Anyway, we’re through the Corryvreckan and heading for Kiloran Bay on Colonsay, which is providing excellent shelter from the east for us but wouldn’t from the west. I’ve not seen a yacht there in two short holidays spent at a cottage above the bay but there are going to be nine by nightfall, which might surprise those on the land! While Colonsay’s a lovely island and Kiloran’s a lovely bay, there are (many) times when neither’s the place to be in a yacht. This Sunday night it’s paradise afloat as well as ashore:

On Monday morning most of us are heading for Cragaig Bay on Ulva and, mindful that my thoroughbred 28ft cruiser racer is still by far the smallest boat in the fleet and I can’t drive her that hard on my own, I’m looking for a head start and away first again. Today I’ve chosen to start under just mainsail (still reefed from Friday), but the genoa might have been better when it’s almost dead downwind to Ardalanish, I’m not trusting the tillerpilot with the deep running angles and find myself preferring to steer by hand much of the way (NB the genoa’s not much use behind the main because it’s basically just blanketed and doesn’t want to goosewing). But it’s good, quick sailing and no-one’s obviously catching me apart from Geir and Deborah on Grand Banks 48 (motor yacht) Anne of Ardfern, who’d have overtaken me coming through the Sound of Iona if they hadn’t stopped for a break there.

Apart from that, it’s still a thrilling lone ride all the way to Cragaig on what’s now become more of a starboard-tack fetch with no real shelter from quite fresh conditions till I’m almost there, but I’m the first of the RHYC yachts to drop anchor just inside the single prior arrival whose poor crew probably thought they had the place to themselves!

So… Cragaig is a lovely wee harbour with decent shelter and a fine prospect of Ben More. While the entrance isn’t obvious from offshore till you’re really quite close, it’s actually quite straightforward once identified with a clean entrance channel that’s plenty wide enough. When (time to extricate myself from the present tense here!) I decided to pump up the kayak instead of the dinghy to try a wee paddle — and I mean ‘try’ because I hadn’t tried it from Fly before — I was surprised to see a group of sea kayakers appear from the corner of the bay and head off who knows where. Now I obviously can’t carry my sea kayak on Fly, but had brought the smaller of my two Gumotex inflatables, which is the really tiny Twist, and think I’d probably have preferred the slightly larger Safari. It’s a while since I’ve paddled the Twist and it does feel small, but at least I now know it’s possible to get in and out of an inflatable kayak from my hook-on plastic stern ladder and things should work better yet when I fit a more substantial folding stainless one.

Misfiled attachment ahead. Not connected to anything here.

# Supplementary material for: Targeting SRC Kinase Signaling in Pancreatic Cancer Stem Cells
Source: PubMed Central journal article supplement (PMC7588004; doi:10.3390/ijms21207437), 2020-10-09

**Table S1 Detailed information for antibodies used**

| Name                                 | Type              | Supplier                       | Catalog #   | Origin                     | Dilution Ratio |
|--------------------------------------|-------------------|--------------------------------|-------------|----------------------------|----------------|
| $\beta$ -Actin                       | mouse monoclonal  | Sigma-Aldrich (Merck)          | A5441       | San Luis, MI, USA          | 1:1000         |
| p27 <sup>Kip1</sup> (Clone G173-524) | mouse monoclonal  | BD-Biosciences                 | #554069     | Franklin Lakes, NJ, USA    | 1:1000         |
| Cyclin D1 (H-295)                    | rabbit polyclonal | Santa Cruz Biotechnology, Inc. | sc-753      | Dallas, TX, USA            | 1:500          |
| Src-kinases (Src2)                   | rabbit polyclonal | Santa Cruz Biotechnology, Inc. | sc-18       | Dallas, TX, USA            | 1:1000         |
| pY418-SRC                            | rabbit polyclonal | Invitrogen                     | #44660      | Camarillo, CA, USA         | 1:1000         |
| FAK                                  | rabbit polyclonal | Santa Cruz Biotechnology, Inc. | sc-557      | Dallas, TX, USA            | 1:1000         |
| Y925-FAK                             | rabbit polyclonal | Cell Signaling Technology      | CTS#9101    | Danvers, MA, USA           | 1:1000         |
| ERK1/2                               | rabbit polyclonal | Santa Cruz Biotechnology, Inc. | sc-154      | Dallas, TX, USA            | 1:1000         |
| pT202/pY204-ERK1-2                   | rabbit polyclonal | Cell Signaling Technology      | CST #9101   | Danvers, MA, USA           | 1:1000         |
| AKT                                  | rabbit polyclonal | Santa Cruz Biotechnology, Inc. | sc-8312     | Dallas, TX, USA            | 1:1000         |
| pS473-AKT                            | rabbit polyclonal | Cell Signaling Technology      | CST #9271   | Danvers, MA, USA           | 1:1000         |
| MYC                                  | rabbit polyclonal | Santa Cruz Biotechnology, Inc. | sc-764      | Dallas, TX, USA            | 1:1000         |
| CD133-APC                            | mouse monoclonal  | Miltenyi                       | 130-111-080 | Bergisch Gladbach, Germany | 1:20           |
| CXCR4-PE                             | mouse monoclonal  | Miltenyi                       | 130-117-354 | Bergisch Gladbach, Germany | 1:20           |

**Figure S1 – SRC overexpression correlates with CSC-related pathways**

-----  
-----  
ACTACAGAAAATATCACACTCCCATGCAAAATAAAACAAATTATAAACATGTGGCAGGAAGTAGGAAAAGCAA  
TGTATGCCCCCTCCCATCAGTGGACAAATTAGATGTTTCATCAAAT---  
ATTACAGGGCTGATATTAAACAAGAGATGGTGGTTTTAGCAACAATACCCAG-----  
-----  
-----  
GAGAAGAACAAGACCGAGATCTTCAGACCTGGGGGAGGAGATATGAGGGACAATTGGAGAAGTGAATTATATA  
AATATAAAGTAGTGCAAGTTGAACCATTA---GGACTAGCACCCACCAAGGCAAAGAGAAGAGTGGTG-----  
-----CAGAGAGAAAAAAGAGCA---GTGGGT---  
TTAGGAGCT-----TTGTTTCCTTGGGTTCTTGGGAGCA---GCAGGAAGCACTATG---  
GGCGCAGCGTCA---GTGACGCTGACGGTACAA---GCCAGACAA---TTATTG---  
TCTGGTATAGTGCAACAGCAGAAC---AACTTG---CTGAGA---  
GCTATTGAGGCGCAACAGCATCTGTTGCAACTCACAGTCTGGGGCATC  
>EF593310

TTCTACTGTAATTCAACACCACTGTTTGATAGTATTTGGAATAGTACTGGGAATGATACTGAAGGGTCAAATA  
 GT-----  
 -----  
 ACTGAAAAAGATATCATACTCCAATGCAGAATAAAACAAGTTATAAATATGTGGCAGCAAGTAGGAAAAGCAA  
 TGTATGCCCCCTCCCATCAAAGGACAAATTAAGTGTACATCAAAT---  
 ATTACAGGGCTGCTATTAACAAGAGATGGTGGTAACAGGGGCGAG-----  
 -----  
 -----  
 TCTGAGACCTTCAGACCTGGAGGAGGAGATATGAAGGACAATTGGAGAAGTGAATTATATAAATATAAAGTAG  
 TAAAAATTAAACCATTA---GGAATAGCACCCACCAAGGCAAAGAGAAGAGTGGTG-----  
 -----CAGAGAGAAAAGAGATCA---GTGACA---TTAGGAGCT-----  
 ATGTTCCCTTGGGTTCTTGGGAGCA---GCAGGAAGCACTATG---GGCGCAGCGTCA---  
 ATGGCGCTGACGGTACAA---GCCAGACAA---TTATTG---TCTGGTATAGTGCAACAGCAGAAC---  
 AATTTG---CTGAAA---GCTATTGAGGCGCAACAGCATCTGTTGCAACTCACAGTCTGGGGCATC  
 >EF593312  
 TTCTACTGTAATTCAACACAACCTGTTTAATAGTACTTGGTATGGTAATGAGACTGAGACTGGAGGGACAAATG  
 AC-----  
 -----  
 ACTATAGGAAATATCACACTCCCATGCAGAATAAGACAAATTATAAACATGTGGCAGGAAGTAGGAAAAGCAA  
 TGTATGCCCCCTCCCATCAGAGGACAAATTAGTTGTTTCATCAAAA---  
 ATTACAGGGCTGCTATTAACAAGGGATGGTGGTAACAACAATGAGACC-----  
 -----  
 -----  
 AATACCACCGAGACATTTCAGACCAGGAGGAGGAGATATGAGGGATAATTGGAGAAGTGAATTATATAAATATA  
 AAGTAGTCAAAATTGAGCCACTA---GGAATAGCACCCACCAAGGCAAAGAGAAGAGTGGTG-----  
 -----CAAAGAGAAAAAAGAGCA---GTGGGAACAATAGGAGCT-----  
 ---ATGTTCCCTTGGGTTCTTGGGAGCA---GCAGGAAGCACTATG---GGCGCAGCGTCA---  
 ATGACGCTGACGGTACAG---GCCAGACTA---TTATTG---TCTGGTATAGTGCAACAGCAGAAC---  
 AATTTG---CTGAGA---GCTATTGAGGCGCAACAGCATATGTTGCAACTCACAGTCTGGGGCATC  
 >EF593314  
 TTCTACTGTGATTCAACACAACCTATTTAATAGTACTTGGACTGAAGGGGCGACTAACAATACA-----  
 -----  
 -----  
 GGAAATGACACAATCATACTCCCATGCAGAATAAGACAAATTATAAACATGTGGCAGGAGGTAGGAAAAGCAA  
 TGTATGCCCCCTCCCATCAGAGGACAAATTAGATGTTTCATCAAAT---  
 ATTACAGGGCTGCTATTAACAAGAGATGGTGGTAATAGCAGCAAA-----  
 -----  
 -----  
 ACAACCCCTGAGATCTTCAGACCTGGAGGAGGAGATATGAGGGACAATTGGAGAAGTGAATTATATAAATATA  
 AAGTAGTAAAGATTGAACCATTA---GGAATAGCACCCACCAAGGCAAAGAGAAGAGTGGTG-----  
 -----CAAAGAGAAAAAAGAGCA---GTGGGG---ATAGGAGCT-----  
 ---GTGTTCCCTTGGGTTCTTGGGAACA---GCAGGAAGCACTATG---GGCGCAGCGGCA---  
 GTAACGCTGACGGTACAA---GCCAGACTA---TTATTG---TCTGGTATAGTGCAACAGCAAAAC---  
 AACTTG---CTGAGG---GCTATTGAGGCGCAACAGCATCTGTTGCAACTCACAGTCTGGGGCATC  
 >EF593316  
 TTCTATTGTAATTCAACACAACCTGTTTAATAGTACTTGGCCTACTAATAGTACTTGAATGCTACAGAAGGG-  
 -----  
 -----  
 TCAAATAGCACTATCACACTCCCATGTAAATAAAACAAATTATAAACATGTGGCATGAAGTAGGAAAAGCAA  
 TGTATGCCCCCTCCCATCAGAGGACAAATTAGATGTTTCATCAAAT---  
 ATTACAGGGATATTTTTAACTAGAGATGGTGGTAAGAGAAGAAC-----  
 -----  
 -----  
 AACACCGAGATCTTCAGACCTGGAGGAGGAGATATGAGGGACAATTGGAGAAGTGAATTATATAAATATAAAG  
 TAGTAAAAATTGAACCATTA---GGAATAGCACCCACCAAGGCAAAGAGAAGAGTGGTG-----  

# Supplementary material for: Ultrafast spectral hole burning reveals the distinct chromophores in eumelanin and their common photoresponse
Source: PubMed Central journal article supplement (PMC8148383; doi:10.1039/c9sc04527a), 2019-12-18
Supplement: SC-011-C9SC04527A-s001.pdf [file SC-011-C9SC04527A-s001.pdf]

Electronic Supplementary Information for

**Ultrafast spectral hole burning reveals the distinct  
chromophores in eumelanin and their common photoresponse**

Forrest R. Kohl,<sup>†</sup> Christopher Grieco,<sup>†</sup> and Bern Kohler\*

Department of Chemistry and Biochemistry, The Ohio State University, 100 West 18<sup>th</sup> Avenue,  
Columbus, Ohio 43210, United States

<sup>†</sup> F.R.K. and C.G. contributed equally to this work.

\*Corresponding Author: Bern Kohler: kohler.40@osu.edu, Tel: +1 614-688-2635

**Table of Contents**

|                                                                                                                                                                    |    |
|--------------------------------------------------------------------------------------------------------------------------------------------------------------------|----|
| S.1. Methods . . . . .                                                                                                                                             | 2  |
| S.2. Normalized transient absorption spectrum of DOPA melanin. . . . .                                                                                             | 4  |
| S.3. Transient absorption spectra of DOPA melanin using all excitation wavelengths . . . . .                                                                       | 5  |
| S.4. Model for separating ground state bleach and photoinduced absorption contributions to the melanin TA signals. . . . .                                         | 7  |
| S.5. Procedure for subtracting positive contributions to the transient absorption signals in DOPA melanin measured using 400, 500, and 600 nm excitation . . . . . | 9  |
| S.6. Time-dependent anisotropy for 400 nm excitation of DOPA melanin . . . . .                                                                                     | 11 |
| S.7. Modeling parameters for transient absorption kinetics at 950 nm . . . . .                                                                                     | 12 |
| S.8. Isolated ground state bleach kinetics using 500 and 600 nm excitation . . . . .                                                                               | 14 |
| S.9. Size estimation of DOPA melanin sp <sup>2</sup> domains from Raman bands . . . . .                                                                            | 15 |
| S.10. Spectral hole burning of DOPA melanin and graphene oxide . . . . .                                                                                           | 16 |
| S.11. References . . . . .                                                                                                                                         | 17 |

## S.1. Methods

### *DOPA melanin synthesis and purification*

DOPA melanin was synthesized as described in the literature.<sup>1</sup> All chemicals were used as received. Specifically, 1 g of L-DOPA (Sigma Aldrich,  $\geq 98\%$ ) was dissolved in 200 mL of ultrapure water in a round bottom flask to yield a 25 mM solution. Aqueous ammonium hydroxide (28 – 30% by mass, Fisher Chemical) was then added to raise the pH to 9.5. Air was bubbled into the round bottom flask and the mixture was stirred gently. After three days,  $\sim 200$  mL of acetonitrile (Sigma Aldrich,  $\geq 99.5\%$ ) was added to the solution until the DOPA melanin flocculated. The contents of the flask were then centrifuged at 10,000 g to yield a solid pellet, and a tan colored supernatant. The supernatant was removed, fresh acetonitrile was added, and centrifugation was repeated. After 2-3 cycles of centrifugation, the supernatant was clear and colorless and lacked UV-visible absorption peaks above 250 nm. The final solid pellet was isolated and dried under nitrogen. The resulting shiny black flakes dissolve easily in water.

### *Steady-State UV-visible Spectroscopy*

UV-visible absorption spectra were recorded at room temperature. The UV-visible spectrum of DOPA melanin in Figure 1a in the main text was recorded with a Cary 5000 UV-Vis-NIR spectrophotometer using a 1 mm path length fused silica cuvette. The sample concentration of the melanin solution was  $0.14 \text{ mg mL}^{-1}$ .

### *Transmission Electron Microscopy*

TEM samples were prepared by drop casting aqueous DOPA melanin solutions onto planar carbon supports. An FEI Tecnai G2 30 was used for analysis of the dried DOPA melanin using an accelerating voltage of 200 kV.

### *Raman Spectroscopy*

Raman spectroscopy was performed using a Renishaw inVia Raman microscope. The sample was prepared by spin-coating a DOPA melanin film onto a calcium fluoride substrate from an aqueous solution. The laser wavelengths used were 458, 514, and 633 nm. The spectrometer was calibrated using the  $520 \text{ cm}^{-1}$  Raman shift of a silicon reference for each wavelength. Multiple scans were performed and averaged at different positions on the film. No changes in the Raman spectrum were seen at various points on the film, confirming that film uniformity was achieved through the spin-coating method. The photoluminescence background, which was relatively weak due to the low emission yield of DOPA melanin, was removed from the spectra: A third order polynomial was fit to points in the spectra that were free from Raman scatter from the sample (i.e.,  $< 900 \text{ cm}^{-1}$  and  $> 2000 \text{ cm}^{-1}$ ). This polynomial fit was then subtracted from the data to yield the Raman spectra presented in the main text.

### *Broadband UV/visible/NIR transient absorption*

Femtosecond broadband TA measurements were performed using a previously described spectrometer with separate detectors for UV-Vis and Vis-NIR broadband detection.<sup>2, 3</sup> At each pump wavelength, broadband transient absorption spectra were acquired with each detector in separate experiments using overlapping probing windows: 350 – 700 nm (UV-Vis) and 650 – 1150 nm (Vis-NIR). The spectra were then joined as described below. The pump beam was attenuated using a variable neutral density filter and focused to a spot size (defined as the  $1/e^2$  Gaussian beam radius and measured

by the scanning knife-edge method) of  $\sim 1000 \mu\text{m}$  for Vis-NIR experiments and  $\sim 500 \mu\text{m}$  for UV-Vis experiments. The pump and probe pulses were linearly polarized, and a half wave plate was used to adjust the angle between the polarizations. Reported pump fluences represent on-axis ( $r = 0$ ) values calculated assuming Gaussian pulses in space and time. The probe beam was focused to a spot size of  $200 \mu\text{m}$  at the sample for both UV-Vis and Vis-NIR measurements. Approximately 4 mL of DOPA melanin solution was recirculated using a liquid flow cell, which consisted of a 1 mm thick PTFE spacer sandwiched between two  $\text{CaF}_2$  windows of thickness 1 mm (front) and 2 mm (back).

Tuesday 6 September came with the twin targets of Calgary Bay for lunch and Sanna Bay for our overnight stop, we had good sailing all the way till the wind eventually (perhaps even conveniently?) dropped off the Point of Ardnamurchan and — wanting to get this blog done — I’m just going to leave the photos mostly to speak for themselves. But you might like to look out for the sailing ship off Staffa, the lifeboat (not sure which one) speeding past Lunga and my full mainsail, which had Fly absolutely trucking NNE towards Ardnamurchan after shaking out the reef as we left Calgary:

Now Kiloran, Calgary and Sanna have much in common as beautiful sandy bays popular with land-based visitors but open to the west in ways which leave them best classed as ‘occasional’ anchorages for seafarers… perfect in the prolonged easterly stream we’d been exploiting but potentially uncomfortable or even dangerous at other times. While Sanna also brought the first ever failure of my Rocna anchor to bite first time when trying to tuck right into the southmost corner with Leumadair and Anne of Ardfern simply brought up a humongous clump of weed, this was quicky rectified by moving slightly northwards to clean sand where RHYC member Doug Sharp coincidentally there on Blue Point had (like the solitary prior arrival at Cragaig) probably been anticipating a quiet night! And we had our first real daylight rain for days, with impressive afternoon showers to seawards (see photos of Warisha below) followed by a pretty wet evening for the beach barbecue we could have had dry any other night: